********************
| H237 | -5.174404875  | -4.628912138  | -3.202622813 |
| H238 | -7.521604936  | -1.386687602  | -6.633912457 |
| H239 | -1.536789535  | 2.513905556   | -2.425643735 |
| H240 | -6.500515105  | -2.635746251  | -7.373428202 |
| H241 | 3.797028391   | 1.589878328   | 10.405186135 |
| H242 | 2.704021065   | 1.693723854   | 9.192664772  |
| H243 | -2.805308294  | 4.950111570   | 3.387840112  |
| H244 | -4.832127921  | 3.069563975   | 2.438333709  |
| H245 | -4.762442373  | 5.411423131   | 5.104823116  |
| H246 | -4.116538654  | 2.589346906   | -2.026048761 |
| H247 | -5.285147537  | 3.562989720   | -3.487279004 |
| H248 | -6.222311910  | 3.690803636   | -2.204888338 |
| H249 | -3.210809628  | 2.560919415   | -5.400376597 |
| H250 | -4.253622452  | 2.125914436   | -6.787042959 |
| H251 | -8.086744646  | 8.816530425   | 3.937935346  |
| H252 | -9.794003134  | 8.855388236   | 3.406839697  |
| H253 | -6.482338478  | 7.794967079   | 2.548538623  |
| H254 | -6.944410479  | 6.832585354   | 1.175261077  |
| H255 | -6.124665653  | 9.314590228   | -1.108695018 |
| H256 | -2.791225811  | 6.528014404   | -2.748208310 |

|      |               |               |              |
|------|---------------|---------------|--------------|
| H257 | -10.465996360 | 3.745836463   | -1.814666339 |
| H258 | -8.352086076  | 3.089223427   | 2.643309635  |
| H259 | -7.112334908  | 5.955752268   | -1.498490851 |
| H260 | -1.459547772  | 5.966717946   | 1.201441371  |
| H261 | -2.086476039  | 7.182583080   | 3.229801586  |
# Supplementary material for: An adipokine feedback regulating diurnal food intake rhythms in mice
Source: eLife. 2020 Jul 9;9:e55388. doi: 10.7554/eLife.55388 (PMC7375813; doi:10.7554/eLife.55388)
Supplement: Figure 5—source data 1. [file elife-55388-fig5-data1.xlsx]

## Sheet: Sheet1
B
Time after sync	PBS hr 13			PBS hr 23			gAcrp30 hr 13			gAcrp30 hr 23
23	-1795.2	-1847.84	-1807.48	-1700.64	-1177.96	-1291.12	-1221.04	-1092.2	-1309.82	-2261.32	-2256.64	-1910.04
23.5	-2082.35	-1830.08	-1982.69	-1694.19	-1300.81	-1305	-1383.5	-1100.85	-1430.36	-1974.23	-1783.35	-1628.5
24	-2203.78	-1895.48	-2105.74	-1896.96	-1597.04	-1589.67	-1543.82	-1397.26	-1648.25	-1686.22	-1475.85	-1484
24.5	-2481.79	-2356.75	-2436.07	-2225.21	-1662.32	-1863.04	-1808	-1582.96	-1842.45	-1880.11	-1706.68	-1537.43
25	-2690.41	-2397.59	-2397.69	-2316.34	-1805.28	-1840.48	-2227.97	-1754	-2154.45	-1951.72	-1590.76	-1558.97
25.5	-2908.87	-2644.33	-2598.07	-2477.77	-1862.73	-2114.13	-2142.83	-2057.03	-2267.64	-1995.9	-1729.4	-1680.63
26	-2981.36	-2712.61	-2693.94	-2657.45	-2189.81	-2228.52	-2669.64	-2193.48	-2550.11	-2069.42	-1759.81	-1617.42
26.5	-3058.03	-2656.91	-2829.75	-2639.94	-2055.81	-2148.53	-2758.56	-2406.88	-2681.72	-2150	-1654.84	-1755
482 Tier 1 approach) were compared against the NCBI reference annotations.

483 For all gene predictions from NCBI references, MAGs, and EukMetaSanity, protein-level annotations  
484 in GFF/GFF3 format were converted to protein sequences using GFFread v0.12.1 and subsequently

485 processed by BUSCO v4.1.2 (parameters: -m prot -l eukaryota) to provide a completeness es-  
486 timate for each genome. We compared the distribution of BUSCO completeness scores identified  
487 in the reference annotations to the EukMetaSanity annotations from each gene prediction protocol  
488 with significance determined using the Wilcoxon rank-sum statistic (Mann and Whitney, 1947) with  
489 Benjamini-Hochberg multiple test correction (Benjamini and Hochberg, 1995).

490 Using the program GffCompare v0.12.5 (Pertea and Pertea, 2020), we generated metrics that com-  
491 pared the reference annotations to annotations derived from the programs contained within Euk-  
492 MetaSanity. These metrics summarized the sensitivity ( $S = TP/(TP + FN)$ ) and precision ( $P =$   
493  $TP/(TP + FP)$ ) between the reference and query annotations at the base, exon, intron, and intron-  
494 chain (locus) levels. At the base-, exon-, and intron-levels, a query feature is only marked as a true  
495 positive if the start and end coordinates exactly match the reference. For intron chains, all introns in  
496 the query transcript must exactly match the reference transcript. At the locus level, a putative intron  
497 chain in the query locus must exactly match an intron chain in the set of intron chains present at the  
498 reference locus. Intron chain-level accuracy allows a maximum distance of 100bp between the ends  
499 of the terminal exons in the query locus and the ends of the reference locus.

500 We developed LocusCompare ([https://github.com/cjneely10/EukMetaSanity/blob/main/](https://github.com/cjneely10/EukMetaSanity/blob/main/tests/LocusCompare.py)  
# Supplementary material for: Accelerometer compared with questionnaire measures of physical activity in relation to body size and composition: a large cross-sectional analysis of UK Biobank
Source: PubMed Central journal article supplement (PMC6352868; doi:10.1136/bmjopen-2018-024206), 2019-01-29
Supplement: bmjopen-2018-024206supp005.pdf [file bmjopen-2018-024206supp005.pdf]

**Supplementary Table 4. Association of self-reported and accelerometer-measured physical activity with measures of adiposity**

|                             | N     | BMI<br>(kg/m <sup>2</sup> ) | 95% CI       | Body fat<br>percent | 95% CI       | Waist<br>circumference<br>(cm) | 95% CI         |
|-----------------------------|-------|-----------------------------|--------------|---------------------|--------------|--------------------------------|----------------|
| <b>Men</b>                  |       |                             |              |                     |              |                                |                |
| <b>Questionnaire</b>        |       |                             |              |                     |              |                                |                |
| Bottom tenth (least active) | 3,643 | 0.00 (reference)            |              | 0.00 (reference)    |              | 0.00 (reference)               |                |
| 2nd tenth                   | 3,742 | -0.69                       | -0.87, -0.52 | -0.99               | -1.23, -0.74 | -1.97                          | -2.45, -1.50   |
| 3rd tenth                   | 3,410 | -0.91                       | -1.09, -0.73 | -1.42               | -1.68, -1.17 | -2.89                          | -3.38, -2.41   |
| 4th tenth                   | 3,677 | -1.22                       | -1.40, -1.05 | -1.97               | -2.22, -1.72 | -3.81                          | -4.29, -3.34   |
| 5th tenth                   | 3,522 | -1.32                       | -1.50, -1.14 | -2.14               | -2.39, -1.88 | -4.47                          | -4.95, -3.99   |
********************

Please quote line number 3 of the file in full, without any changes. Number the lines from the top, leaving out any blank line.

| H239 | -1.536789535  | 2.513905556   | -2.425643735 |